Best Value and Better Performance in Libraries

B: Putting the model into actions

B8: Process/performance indicators

B8.1 Process indicators

This is the second ‘strong area’ of library service planning as reflected in the Annual Library Plans. Process indicators (sometimes referred to rather confusingly, as ‘performance indicators’) are readily identifiable as the sorts of indicator that can be “ticked off the list when you’ve done them”. The main problem with process indicators is that they do not necessarily tell you if you are meeting the objectives that led you to carry out the process. For example, if you decide that a round of executive briefings is required to ensure that elected members and managers of partner organisations are better informed about the potential of libraries, it is easy enough to track where and when the meetings are held (performance). But how can you tell whether the messages are getting home? This will require some attention to changes in what the targeted people do and say after the events (impact) – which is why a combination of impact and process indicators is useful.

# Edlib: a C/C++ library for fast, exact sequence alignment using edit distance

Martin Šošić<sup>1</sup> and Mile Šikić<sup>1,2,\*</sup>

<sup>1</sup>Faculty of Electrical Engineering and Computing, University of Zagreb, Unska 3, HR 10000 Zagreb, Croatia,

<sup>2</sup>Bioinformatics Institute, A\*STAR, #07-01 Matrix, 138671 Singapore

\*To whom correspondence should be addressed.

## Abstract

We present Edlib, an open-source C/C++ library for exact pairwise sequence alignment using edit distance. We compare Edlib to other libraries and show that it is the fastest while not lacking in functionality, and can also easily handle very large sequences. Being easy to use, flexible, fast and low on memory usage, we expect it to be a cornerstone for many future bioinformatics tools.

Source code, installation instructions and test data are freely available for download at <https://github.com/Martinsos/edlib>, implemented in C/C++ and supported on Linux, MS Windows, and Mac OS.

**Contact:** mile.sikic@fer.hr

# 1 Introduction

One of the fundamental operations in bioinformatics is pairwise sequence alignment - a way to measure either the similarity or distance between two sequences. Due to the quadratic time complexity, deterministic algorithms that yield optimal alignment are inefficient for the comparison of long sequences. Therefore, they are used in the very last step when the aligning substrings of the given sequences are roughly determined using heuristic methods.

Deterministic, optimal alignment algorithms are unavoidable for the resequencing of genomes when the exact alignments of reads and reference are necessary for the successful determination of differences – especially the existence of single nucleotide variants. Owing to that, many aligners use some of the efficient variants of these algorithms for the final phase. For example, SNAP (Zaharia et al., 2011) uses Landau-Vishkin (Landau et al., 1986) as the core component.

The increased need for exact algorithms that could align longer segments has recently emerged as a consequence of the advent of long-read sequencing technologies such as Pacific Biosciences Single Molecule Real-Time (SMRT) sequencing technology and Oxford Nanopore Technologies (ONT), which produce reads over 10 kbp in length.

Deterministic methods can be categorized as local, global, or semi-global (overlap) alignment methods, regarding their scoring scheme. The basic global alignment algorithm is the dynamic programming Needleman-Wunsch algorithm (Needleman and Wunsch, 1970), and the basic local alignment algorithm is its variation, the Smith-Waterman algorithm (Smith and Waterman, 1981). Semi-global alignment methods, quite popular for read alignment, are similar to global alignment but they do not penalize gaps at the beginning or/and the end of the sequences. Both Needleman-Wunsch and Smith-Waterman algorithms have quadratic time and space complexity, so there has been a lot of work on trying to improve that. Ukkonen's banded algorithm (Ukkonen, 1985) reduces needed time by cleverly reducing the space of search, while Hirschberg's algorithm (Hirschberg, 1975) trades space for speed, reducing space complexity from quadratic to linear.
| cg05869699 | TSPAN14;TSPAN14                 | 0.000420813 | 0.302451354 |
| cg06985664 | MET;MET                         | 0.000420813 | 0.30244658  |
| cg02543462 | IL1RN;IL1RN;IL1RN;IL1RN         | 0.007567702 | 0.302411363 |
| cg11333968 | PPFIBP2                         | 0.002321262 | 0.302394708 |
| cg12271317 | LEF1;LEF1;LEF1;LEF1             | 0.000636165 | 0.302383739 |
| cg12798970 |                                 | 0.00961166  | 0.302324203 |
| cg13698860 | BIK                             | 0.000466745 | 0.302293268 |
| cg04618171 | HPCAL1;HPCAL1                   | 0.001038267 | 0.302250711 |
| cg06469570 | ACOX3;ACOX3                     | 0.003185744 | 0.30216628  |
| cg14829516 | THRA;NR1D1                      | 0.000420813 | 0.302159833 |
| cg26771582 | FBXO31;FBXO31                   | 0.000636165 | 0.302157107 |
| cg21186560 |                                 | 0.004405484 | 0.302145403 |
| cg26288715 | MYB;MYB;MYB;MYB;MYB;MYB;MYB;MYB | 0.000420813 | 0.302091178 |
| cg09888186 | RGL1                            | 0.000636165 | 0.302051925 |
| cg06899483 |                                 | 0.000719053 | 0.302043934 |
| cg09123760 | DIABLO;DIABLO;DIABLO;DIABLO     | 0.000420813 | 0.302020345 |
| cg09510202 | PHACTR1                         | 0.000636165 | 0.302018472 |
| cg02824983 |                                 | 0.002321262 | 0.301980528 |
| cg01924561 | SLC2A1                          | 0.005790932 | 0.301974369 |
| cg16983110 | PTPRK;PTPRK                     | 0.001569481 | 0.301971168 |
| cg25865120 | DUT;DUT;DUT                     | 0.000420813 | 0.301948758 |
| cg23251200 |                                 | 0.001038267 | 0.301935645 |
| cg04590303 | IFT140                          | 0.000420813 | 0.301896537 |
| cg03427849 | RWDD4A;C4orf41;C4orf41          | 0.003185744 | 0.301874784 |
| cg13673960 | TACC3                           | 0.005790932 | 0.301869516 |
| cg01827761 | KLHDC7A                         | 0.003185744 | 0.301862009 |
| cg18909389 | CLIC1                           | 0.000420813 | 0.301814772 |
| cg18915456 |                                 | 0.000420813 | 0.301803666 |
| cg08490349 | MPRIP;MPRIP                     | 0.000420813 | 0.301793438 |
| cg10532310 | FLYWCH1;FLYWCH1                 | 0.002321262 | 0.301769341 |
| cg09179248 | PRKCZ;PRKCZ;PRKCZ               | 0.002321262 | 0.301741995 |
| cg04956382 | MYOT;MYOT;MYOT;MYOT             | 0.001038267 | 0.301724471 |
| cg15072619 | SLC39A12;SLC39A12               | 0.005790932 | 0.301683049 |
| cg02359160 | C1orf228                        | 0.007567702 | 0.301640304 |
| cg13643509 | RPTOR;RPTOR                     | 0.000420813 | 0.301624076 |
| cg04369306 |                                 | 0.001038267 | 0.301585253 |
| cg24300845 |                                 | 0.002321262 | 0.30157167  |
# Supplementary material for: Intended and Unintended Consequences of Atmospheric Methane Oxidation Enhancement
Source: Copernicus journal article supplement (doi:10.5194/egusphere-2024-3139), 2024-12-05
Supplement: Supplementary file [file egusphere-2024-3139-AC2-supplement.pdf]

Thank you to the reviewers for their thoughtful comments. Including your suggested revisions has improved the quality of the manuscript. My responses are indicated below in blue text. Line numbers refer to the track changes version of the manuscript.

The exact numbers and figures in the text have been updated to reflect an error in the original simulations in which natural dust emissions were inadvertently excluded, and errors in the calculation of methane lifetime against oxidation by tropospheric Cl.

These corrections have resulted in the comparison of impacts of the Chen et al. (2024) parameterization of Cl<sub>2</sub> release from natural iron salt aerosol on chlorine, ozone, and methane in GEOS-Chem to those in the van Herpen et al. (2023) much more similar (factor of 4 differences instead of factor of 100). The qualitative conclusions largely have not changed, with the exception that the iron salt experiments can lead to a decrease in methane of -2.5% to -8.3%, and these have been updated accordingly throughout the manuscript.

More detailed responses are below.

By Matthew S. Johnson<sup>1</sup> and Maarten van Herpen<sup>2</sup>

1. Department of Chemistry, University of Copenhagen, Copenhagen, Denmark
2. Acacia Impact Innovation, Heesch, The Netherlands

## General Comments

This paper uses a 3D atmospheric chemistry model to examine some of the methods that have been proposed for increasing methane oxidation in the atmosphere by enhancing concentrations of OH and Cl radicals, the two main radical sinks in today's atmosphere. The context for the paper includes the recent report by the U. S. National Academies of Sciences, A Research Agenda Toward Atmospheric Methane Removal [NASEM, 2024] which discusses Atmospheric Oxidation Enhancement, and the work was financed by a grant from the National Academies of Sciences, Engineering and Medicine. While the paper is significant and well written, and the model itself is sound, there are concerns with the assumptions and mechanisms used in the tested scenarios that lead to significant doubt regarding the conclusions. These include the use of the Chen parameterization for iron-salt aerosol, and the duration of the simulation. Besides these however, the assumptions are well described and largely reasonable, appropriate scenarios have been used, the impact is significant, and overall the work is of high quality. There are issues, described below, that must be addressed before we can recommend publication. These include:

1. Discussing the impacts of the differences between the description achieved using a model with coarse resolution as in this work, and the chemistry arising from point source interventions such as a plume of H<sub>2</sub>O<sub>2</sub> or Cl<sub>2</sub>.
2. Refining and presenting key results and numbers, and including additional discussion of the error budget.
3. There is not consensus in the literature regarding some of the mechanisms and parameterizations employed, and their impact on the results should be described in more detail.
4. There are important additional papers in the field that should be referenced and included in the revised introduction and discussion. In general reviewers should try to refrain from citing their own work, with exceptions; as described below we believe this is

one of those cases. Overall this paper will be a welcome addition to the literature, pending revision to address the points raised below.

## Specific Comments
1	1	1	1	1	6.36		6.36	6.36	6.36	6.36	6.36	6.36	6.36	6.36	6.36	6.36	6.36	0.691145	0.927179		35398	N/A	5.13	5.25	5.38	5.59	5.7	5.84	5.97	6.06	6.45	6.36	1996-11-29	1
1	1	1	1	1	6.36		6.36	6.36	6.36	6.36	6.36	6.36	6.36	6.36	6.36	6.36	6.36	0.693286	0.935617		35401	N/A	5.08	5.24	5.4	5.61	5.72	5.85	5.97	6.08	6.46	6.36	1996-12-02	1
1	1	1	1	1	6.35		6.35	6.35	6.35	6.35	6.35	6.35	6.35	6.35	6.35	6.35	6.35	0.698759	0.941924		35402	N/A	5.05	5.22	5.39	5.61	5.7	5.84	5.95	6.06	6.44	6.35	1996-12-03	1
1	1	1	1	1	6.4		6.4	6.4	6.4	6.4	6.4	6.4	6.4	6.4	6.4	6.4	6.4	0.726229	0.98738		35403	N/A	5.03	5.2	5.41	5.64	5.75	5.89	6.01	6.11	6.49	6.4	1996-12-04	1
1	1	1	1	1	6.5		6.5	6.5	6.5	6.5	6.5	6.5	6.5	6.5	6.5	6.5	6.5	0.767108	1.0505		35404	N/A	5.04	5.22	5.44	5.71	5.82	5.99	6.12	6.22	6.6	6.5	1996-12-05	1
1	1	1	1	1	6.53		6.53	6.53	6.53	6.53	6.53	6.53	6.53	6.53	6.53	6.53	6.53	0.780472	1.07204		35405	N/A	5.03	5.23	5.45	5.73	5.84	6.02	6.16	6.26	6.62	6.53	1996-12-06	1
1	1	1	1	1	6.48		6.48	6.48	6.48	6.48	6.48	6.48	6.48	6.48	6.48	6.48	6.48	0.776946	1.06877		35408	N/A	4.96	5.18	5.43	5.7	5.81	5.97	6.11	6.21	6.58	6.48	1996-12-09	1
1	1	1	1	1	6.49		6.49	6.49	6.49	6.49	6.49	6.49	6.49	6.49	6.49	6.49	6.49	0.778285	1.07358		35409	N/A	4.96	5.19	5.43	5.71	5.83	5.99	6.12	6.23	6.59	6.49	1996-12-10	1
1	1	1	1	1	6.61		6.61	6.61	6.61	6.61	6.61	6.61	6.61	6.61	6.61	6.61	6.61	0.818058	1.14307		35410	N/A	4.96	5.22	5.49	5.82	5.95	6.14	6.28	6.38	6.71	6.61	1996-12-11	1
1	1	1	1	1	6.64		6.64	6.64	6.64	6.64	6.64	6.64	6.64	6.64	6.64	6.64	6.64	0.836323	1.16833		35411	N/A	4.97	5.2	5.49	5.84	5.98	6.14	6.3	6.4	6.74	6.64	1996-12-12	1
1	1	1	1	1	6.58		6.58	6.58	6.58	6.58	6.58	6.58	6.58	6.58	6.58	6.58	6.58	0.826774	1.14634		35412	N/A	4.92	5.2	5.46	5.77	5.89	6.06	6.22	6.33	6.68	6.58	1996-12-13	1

B8.2 Process benchmarking

Comparing services on the basis of their processes, process indicators and associated data can be productive – if the evidence is properly contextualised. You should not stop when you have made the comparison with another service on the basis of the benchmarking information collected.

Process benchmarking comes into its own when it is used as a basis for discussing why another service is doing things differently and which method is likely to work best in your particular circumstances. There is some danger that this comparison element can be misused in Best Value reviews and degenerate into ‘cheapest must be best’. (A brief consideration of, for example, the pros and cons of staffing small libraries entirely or partly by volunteers, will show that such comparisons are not necessarily clear-cut.)

Since the underlying idea of benchmarking entails comparison with the best in other types of service, in order to learn from their processes, it was interesting to find in our national survey that:

  • only 12% of public library services had undertaken benchmarking or other systematic comparison with services other than public library services or planned to do so this year
  • only 13% of schools library services had done or planned to do so.

Before you start to compile your own indicators, you may like to revisit section A2.2 ‘Performance and other indicators’.

Examples of process/performance indicators

  • Public library services
  • Stock management policy adopted
  • Workshops delivered to library staff
  • Collaborative projects undertaken
  • Schools library services
  • Annual visits to all secondary schools
  • Participate in EAZ planning session with LEA inspectors
  • Organise reading promotion events in primary schools
  • Provide reading lists to support the National Literacy Strategy